Compromise is necessary when dividing a finite amount between multiple parties. But the Arabs’ zero-sum calculus has bred a culture of rejectionism. As the Jews continually agreed to international offers for partition—the 1937 Peel Commission Plan, the 1947 U.N. Partition Plan, and offered territory for normalization in 1967—the Arabs’ and Palestinians’ response each time was “no” to compromise. By presenting these maps has “compromises” on the part of the Palestinians, Abbas is trying to rewrite history.

If a picture is worth a thousand words, Abbas has inflicted untold damage on the truth by displaying a graphic before the international community that erroneously suggests the Palestinians have continuously compromised on a historic homeland where they supposedly enjoyed political sovereignty.

That Abbas brought his map to the highest level of international diplomacy suggests that he believes that the world is ready to entertain this revisionist history of the Middle East. Sadly, in this regard, he may not be mistaken.

Rewriting history has long been a tactic of overtly anti-Israel and anti-Semitic organizations. On college campuses, anti-Israel groups regularly use a version of this map during the notorious Israel Apartheid Week. The anti-Semitic BDS movement features this graphic in its campaign materials. Al Jazeera, the propaganda arm of Qatar that has a growing audience among younger generations in America, has a “Vanishing Palestine” interactive video as part of its “Palestine Remix” channel.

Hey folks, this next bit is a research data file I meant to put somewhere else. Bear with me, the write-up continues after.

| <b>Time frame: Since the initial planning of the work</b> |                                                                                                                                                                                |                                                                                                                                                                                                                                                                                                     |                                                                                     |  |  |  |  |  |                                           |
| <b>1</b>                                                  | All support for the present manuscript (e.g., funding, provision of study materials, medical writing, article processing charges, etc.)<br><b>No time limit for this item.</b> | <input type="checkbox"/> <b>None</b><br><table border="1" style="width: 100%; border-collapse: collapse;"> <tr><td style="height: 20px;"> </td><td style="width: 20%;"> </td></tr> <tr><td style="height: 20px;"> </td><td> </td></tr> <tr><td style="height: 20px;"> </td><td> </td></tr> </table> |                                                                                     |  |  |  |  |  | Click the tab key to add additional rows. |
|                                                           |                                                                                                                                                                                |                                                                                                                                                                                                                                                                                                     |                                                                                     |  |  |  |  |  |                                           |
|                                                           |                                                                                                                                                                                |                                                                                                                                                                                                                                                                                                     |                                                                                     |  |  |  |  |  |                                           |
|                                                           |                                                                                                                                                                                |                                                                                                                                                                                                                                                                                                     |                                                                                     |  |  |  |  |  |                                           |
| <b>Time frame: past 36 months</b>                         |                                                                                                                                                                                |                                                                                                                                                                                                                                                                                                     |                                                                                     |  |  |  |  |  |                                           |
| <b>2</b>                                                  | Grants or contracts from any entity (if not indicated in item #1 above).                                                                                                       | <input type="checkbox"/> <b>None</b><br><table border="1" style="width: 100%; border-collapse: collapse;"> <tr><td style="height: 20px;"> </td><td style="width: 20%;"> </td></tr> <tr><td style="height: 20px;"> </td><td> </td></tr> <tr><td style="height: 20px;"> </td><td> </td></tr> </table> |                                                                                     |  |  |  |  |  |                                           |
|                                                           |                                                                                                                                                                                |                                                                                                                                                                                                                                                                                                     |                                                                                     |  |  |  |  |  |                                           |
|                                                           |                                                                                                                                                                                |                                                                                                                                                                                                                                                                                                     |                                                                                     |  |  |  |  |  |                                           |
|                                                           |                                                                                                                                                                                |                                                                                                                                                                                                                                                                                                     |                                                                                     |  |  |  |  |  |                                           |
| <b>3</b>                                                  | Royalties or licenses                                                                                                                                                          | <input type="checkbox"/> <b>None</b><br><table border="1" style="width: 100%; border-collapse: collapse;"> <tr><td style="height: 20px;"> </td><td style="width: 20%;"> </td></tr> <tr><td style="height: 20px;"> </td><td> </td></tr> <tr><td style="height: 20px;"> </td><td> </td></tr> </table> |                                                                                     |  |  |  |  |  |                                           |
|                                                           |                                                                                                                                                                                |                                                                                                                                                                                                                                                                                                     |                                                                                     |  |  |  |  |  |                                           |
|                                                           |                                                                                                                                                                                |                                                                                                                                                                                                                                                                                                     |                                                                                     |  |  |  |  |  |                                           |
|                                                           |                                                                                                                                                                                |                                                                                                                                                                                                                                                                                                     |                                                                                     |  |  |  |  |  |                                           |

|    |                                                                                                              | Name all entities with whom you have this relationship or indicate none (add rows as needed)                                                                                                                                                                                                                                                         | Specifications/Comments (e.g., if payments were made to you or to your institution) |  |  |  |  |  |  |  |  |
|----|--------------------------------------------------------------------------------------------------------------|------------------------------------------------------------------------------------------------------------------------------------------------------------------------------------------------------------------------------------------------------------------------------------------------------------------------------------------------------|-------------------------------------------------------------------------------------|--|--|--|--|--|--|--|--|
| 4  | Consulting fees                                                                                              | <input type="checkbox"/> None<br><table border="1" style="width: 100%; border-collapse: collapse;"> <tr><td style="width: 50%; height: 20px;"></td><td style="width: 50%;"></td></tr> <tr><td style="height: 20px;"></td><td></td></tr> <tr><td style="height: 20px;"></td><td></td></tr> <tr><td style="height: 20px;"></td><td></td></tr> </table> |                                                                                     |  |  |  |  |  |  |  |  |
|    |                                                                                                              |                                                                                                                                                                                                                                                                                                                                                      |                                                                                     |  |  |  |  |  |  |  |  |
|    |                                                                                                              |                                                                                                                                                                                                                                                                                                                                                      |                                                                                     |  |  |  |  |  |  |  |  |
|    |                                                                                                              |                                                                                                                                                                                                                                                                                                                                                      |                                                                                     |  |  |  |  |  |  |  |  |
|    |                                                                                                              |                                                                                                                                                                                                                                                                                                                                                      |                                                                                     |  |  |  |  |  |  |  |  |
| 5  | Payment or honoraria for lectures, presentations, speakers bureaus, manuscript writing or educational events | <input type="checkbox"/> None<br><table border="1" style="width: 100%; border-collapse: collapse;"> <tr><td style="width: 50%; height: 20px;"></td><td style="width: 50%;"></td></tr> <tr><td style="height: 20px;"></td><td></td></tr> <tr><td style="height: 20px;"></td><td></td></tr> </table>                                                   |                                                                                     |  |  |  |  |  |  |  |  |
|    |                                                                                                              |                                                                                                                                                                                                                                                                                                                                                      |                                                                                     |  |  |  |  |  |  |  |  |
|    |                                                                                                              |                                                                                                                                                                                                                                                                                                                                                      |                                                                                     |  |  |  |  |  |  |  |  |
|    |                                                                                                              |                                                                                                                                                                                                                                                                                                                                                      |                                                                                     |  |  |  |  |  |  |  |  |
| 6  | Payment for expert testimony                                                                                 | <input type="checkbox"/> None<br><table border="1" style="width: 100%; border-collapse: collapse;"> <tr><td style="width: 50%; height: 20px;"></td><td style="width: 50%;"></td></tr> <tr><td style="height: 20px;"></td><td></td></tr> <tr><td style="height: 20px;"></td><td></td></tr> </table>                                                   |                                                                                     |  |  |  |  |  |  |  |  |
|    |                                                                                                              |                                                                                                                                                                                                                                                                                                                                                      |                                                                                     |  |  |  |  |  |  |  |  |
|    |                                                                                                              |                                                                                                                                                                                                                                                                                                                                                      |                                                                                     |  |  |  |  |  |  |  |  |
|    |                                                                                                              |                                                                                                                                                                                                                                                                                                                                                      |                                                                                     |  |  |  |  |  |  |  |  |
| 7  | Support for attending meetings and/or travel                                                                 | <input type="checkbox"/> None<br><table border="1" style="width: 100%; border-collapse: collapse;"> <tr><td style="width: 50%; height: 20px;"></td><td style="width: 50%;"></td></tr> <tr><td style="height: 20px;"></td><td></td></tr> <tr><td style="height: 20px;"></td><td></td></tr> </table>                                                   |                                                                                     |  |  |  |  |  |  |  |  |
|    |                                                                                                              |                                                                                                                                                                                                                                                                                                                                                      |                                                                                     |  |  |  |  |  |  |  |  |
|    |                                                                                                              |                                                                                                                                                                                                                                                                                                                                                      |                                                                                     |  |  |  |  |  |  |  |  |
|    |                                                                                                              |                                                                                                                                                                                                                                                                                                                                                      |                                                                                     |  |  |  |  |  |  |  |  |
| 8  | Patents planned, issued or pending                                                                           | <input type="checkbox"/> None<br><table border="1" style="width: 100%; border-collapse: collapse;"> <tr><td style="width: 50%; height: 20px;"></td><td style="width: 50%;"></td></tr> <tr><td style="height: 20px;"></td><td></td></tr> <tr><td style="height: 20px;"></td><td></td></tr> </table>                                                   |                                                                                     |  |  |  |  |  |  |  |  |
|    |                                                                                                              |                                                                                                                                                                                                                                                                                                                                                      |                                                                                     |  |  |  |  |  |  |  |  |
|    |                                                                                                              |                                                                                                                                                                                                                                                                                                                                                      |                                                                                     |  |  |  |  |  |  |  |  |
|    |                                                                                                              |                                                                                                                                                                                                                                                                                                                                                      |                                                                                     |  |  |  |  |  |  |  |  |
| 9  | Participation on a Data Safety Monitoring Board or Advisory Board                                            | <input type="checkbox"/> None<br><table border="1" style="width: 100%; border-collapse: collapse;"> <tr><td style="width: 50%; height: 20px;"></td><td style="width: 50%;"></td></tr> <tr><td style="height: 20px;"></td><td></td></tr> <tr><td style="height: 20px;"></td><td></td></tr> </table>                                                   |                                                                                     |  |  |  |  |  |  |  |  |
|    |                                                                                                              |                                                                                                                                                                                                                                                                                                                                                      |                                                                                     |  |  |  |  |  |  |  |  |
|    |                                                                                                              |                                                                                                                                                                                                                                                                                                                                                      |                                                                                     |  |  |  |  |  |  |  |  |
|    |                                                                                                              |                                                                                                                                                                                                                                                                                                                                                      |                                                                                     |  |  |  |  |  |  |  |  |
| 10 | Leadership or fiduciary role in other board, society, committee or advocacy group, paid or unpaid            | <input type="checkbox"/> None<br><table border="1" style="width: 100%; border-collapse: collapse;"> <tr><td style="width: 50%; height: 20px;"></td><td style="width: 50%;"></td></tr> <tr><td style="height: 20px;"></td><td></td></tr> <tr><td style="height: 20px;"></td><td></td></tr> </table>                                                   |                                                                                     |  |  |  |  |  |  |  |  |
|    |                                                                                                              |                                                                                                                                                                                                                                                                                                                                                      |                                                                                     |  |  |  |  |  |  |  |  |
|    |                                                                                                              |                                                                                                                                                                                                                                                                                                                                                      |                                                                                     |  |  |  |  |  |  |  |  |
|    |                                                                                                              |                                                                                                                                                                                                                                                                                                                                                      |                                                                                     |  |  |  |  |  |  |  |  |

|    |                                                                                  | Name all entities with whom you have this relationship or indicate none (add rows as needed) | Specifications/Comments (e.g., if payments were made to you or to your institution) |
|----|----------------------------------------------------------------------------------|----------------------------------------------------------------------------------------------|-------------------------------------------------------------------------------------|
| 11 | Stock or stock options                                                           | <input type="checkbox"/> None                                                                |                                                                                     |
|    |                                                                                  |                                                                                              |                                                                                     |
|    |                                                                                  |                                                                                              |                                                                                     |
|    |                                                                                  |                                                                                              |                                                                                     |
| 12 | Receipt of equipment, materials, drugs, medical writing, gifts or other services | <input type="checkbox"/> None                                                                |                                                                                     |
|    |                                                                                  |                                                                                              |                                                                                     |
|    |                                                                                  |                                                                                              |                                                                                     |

What is most insidious, however, is the growing use of the map in mainstream venues. In October 2015, MSNBC displayed these maps during a live segment discussing a recent spate of Palestinian violence on the Temple Mount (for which it later apologized). In 2017, Columbia University published the maps on advertisements for a workshop on “Citizenship and Nationality in Israel/Palestine.” Last September, a high school matriculation exam in Finland included the maps.

The use of the “Map of Lies” in mainstream media and academic circles in particular will have the effect of normalizing its content and message.

For Israel and the Jewish people, this presents a real danger. Efforts to delegitimize the Jewish State are growing louder, with the United Nations recently releasing a “blacklist” of Israeli companies that operate in Judea and Samaria being only the latest example of revisionist history having tangible consequences.

One’s interpretation and understanding of the past forms their assumptions about the present and determines their vision for the future. Believing Abbas’s “Map of Lies” will do more than dishonor the past; it will irrevocably damage the cause of peace.

Danny Danon is Israel’s ambassador to the United Nations.

The opinions and facts presented in this article are those of the author, and neither JNS nor its partners assume any responsibility for them.